Friday, January 13, 2012
Friday the 13th and the Marshall air tragedy
Strange but true.
There’s a bizarre connection between a well-known day of superstition and the Marshall plane crash of November 14, 1970. In the days leading up to the Thundering Herd’s road trip to East Carolina, there was an undeniable feeling of uneasiness among some of MU’s football players. They weren’t at all comfortable in having to leave town on a Friday the 13th.
In the interviews I conducted for November Ever After, there were instances in which I learned that some of the players were fearful about their upcoming flight. Dickie Carter—a running back that quit the team a few weeks prior to the crash—told me about conversations he had with a few players. According to Dickie, the players spoke in a tone that gave the impression that they were not expecting to make it back alive. Some went as far as making arrangements to give their personal belongings away to girlfriends and family members.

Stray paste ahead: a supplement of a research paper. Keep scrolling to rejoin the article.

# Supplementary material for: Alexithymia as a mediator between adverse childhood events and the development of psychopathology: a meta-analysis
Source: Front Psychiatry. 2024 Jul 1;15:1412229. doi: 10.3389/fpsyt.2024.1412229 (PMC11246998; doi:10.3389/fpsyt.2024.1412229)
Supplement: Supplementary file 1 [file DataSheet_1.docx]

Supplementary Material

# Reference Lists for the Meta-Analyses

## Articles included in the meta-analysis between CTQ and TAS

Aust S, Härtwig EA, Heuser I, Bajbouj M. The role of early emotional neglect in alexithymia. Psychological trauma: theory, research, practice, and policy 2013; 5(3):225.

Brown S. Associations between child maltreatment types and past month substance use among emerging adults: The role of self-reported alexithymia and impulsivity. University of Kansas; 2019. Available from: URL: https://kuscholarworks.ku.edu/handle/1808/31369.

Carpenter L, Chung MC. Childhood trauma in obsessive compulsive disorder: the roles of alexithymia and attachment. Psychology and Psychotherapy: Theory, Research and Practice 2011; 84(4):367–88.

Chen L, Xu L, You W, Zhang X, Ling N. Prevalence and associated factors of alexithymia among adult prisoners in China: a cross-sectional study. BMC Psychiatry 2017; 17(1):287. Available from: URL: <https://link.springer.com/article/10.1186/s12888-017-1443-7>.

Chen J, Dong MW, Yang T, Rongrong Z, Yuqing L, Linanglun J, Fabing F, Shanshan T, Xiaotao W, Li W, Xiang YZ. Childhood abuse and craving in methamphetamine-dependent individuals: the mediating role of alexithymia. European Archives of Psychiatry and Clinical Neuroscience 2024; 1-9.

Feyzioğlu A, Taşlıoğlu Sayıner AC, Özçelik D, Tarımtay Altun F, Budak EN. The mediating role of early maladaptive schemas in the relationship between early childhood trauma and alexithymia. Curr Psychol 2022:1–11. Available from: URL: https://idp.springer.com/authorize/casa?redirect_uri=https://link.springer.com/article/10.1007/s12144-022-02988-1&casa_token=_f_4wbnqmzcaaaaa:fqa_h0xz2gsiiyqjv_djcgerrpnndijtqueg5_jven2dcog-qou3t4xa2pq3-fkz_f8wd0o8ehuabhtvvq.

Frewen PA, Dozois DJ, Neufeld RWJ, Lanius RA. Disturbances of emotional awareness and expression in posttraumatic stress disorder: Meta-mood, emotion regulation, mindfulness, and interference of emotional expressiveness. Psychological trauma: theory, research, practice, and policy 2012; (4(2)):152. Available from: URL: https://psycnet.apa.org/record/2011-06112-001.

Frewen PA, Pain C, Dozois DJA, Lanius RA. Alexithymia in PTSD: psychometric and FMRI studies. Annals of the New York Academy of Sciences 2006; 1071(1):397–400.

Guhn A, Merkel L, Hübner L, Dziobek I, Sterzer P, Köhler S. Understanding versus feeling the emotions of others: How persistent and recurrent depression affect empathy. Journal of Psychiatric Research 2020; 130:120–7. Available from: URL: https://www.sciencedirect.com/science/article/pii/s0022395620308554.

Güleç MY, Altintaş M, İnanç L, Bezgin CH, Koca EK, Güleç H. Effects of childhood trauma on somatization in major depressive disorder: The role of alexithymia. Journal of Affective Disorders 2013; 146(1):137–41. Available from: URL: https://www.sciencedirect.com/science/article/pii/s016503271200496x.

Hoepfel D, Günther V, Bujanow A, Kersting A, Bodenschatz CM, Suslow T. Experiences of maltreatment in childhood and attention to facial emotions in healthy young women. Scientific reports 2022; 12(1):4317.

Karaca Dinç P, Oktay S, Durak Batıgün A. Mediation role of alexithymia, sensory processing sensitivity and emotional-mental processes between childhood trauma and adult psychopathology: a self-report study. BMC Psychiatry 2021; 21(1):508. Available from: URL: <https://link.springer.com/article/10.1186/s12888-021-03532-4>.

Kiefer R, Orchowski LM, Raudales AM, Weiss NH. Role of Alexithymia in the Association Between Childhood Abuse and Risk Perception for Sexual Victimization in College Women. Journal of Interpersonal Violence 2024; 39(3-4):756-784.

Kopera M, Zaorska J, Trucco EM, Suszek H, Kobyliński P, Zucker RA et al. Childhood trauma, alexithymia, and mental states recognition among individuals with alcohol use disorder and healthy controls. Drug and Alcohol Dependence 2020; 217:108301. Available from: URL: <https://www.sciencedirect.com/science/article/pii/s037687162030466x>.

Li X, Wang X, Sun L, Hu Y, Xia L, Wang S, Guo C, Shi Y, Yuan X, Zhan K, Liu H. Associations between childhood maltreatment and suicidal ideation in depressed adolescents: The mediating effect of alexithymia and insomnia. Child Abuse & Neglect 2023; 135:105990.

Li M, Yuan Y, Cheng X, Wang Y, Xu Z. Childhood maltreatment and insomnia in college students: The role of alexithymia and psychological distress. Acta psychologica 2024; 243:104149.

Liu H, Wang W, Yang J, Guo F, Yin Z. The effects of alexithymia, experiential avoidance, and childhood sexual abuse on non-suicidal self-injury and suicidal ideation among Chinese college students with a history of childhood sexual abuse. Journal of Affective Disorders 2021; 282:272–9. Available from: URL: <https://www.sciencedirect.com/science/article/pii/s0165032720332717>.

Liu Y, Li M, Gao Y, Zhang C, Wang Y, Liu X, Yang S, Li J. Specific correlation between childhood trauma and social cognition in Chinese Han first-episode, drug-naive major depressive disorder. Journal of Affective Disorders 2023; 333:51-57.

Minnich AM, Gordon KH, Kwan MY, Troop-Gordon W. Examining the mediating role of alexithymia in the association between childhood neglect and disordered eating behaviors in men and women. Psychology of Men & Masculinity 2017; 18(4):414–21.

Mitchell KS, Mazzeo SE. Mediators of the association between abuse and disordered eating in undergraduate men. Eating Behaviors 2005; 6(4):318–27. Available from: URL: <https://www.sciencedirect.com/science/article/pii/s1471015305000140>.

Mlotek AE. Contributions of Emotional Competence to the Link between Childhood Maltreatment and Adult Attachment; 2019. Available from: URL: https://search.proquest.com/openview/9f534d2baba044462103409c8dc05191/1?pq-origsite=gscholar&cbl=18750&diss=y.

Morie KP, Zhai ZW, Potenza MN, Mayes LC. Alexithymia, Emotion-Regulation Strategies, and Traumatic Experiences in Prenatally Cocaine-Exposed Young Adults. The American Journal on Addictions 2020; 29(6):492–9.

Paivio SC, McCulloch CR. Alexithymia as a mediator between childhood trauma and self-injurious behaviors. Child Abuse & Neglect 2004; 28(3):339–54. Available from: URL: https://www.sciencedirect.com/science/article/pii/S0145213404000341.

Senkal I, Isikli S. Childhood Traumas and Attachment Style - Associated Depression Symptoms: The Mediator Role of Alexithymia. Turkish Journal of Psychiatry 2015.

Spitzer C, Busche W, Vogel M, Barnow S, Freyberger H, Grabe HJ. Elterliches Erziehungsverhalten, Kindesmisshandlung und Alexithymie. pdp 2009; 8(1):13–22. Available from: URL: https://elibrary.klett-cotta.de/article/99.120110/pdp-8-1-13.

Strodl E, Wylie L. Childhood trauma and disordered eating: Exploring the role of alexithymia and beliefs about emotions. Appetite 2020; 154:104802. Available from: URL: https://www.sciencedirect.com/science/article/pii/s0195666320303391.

John Hagan, the team’s equipment manager, refused to go on the flight. Rather than fly, Hagan and student assistant David Byrd traveled by truck to East Carolina and they left on Friday. Hagan didn’t mince words about his decision. “It was Friday the 13th and I’m superstitious,” he told a reporter from the Associated Press. “Something just told me not to go on this trip.”
Hagan heard about the crash on the drive back to West Virginia. A few days after the crash, a news photographer from the Herald-Dispatch newspaper captured a memorable image of Hagan. Inside the Herd’s locker room, Hagan is surrounded by reminders related to the tragedy. At his feet are the players’ duffle bags; to his right are shoulder pads and game uniforms.
The equipment made it back; the players did not.